Under normal circumstances, I tend to disagree with Texas Sen. Ted Cruz (R) about basically everything other than the sacrilege of a Princess Bride remake. But with his latest legislative effort, he might just have my support.
Earlier this week, Politico reported that Cruz plans to introduce the SCRIPT Act (or "the Stopping Censorship, Restoring Integrity, Protecting Talkies Act," named in the great Washington tradition of painfully forced backronyms), which would discourage the widespread practice of studios reworking movies to be more palatable to Chinese government censors by blocking Department of Defense cooperation with the production of those films. That would be a great thing — but not necessarily for the same reasons as Cruz says.
First, it must be said that, although I suppose it's possible that Cruz is purely motivated by protecting the artistic integrity of the cinema, the timing of this move is suspect. In the weeks leading up to the SCRIPT Act announcement, Cruz has railed against an alleged "Chinese Communist [Party] cover-up" of coronavirus and promoted unfounded conspiracy theories alleging COVID-19 escaped from a Chinese government lab. He's also made sinophobic comments about "bat soup in the Wuhan province." At the end of last week, Cruz announced legislation intended to stop Chinese outlets from using Canadian or Mexican stations to (in Fox News' words) "spread foreign propaganda across U.S. airwaves." Sticking it to Beijing is a popular move right now, especially for Trump-defending Republicans looking to spread blame for the devastating outbreak. Nevertheless, the case may be that Ted Cruz has landed on a good idea with the wrong motivations.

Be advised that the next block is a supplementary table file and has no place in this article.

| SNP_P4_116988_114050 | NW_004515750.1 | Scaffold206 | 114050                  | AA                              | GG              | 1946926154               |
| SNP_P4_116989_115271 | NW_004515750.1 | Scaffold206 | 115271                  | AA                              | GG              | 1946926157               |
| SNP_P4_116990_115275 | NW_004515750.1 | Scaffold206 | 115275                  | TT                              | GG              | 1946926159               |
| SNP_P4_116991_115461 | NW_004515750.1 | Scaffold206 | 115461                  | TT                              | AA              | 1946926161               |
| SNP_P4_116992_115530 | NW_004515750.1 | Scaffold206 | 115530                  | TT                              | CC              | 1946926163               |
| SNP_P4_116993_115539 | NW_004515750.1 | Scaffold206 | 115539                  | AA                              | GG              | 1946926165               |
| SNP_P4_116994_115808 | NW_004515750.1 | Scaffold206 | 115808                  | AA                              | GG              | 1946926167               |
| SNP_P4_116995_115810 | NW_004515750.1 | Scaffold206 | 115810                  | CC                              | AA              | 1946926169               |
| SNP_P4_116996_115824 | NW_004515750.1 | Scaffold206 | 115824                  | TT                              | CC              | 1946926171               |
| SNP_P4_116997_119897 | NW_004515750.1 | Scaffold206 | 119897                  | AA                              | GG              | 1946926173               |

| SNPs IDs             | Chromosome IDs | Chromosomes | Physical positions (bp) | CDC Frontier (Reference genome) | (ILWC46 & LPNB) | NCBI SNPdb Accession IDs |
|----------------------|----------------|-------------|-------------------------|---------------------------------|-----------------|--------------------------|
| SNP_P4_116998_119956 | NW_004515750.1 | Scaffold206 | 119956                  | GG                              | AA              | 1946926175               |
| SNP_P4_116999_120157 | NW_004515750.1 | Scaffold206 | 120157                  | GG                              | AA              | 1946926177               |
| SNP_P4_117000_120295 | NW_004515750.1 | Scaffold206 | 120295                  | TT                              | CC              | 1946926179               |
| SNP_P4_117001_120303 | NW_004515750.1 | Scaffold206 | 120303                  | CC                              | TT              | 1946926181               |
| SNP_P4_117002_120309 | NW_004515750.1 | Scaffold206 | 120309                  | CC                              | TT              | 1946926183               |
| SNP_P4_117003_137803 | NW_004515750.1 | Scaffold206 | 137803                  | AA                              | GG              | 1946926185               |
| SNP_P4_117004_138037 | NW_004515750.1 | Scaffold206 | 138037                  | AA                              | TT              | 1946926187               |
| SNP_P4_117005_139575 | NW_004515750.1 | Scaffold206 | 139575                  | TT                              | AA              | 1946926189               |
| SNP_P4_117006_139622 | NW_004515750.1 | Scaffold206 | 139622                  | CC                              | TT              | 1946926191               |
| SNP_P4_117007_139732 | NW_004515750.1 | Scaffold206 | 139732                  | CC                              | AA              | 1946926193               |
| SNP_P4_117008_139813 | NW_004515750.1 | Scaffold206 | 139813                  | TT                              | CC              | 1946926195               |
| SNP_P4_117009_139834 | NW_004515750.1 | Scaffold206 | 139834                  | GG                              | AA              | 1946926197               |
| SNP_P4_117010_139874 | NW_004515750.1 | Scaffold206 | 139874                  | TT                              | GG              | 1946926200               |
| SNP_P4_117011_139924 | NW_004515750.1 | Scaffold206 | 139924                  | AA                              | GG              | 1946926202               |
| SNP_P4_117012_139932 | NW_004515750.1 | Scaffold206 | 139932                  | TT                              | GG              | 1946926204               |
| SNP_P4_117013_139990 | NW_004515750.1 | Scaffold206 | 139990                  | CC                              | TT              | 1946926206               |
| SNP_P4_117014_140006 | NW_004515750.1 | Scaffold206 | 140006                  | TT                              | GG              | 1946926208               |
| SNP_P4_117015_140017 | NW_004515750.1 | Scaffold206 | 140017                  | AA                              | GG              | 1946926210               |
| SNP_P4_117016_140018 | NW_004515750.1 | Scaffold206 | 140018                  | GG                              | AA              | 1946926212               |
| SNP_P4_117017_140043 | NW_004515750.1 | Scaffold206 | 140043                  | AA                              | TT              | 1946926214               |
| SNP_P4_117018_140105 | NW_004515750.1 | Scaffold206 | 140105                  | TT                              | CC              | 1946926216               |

Importantly, American filmmaking is not exactly the shining example of the freedom of speech that Cruz implies it is. The SCRIPT Act specifically targets movies that are supported by the Defense Department, which, it turns out, there are a lot more of than you'd expect. The Pentagon assisted on more than 800 films and 1,100 TV titles between 1911 and 2017, and on occasion it has exercised its own censorship over how the military is portrayed. When 2003's Hulk was in production, for example, the DoD requested "pretty radical" script alternations, The Independent writes, including "disassociating the military from the gruesome laboratories that created 'a monster.'" With Meet the Parents, "the CIA admitted it had asked that Robert De Niro's character not possess an intimidating array of agency torture manuals," The Independent adds. In fact, the Pentagon needs to be wooed anytime a movie wants U.S. military support, like borrowing a tank or consulting with military experts about logistics. Man of Steel was initially denied assistance from the U.S. government because the script's portrayal of the armed forces was too "cartoony," Business Insider reports.
A moral high ground, then, is not the best way to approach the question of resisting Chinese censorship. Still, as my colleague Matthew Walther has pointed out before, for an industry that otherwise lionizes the victims of the Hollywood blacklist, tinseltown has been pretttty quick to cede free speech to Chinese authorities for the sake of making a buck.